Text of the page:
by May Cordova

[Editor’s Note: May Cordova has been living in Korea for nearly a decade. She is among the most active members of the Korea Filipino Wives’ Association, a support group dedicated to marriage migrants and in their daily negotiations as wives, mothers and in-laws in Korean family and society.]

My name is May Cordova. I am married to a Korean man and we have an 8 year old daughter. We live in Bucheon City in South Korea.

I met my husband in Manila in 1999 when I was working as a sales representative / clerk in a supermarket. He was a member of the Unification church, founded by a North Korean Moon Sun Myung.

My husband decided to join this group so that he could marry a Filipina. He submitted his picture to the church, which was then matched to a picture of a Filipina, done in a wedding ceremony. Although the matched persons through pictures had not yet met in person, they were married through the pictures. My husband attended the marriage ceremony in Korea while the Filipina woman attended the marriage ceremony in Manila.

Later my husband decided to come to Manila and meet his partner. However, the church could no longer locate the Filipina. Around this time, a Filipino member of the church invited me to attend a party she was throwing for Korean men. I said no, but I guess she was so desperate. My colleagues at the supermarket also convinced me, “Why don’t you try? This might be your lucky chance.” So I went to the party, accompanied by a cousin.

At the party, I saw a lot of Koreans. We were guided to the office where we filled up bio-data sheets. My cousin and I looked at each other because some of the questions were too sensitive but I answered them anyway. Then we were led into a room full of Filipino women, mostly talking about their Korean spouses, “I saw him, I know that’s him. He is so handsome wearing a nice outfit.” I got nervous upon hearing this that my cousin and I began to wonder whether we are in a prostitution den. After that, the leaders called out my name and asked me to proceed to another room where I met my husband. The following day, we were married. Maybe you might think why I was following them? Simple, you cannot run from that place, which had no neighbours and no vehicles which could take you back to Manila.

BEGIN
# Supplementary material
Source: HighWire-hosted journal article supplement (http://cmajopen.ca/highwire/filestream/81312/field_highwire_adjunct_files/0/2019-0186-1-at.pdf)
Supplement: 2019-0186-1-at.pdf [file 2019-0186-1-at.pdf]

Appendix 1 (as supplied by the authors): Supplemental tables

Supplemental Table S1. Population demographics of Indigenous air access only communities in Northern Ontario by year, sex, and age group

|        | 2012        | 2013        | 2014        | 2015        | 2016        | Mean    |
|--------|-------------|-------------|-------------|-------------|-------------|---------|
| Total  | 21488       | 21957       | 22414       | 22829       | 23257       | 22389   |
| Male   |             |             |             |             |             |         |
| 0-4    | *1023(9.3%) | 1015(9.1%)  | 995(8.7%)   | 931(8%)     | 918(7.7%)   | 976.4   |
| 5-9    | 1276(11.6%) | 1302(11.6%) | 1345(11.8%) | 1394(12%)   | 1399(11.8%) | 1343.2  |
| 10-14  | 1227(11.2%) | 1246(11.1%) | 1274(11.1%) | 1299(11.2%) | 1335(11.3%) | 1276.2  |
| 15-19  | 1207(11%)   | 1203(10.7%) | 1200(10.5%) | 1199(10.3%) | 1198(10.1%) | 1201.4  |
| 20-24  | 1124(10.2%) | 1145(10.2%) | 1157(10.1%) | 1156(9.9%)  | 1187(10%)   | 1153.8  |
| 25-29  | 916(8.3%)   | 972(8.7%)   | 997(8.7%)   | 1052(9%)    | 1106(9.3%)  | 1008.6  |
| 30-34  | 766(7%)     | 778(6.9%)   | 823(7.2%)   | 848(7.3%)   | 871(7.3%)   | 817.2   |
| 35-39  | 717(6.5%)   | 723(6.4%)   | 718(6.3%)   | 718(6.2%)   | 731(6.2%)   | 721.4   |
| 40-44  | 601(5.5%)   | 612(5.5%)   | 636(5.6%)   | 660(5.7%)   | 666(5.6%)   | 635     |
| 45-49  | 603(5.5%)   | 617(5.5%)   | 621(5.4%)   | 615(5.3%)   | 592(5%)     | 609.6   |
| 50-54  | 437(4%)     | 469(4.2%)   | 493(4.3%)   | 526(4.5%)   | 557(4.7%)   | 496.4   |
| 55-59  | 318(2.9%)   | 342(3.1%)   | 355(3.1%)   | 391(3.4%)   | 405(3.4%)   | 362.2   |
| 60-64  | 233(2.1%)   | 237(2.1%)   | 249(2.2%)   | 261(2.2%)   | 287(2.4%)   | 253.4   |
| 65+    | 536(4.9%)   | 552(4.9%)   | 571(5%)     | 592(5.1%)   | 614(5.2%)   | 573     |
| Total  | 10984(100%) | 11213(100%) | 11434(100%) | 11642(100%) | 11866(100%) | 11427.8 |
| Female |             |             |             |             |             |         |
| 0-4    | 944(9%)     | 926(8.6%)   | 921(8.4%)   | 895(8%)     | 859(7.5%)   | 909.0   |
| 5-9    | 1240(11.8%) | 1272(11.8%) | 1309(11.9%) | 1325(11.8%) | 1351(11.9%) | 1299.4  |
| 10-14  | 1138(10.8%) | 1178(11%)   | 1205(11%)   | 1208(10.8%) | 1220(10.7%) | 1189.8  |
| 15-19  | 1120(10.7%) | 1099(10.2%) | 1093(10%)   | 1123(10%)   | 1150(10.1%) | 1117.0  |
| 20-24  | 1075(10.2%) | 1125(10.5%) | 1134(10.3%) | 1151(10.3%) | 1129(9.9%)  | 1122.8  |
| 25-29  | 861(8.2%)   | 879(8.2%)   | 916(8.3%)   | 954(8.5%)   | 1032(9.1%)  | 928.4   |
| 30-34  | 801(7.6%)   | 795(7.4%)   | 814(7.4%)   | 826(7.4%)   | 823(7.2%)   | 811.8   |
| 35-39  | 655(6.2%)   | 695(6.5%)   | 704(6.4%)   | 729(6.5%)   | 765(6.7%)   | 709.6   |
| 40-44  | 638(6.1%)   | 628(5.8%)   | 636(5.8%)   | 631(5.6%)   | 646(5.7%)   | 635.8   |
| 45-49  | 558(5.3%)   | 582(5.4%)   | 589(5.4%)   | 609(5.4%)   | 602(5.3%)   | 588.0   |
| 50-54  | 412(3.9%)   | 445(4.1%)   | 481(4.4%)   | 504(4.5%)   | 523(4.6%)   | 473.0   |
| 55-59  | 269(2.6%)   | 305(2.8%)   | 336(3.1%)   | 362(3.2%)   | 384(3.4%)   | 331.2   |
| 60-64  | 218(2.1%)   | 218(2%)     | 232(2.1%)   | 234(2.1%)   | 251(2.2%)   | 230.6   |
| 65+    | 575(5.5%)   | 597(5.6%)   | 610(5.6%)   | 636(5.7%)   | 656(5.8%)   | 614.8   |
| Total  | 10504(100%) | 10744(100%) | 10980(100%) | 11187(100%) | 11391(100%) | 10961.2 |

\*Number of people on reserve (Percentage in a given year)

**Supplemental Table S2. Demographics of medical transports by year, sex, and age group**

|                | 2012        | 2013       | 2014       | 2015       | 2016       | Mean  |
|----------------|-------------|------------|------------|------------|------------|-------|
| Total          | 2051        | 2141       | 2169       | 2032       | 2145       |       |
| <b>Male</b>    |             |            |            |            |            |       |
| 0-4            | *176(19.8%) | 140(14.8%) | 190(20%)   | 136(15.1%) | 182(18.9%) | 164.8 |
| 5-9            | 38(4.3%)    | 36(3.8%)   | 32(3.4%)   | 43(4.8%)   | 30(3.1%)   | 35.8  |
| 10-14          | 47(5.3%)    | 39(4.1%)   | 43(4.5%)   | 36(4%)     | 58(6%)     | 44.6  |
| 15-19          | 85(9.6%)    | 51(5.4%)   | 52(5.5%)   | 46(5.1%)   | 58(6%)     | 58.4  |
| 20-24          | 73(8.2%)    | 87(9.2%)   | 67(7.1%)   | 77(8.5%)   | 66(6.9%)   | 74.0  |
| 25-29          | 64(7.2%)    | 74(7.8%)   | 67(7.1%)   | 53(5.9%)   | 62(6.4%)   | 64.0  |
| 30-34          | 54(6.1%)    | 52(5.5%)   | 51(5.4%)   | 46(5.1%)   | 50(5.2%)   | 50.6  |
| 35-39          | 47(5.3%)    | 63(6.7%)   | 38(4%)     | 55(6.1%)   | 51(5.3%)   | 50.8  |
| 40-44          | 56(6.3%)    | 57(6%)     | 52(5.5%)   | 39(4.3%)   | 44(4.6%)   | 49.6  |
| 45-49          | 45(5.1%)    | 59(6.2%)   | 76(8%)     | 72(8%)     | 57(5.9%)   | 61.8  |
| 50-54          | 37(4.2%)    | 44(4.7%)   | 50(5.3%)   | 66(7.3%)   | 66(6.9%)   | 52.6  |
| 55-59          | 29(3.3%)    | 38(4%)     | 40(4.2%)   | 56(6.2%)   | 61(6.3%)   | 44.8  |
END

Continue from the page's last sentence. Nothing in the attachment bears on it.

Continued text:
After a year, he came back to the Philippines to meet my parents. A year later, the church mailed my passport with visa and ticket to Korea. A month after, I was already pregnant.

At the beginning in Korea, I did not know how to speak Korean and could not eat Korean spicy food. But I had no choice anymore and I had to face the situation I chose. Initially, I thought I could not last in Korea given the different culture, weather, food, language and the lifestyle. Most Koreans are forcing us, the foreign wives to follow their culture. And we did but the trouble is that they want us to forget our culture as a consequence of marrying them. All we want is for them to be fair to us, we accept their culture and so I think they must also accept the culture of their wives.

Then I encountered the Korean Filipino Wives Foundation which was founded in 2004 wuth the goal of inspiring and encouraging each member to share experiences and ideas, helping each other in our struggles here in Korea. Its members keep on increasing. At the centre, we can shout and show who we are and where we are from. We can share our cultures. At the centre, we have Korean classes, computer classes, art classes for the children, and seminars for migrant families. Both documented and undocumented migrants, women and men are welcome to join this group. We are very much thankful to the centre for supporting us. We are just hoping that they will continue this kind of human welfare projects not only for Filipino but for all migrants’ workers and migrant wives.

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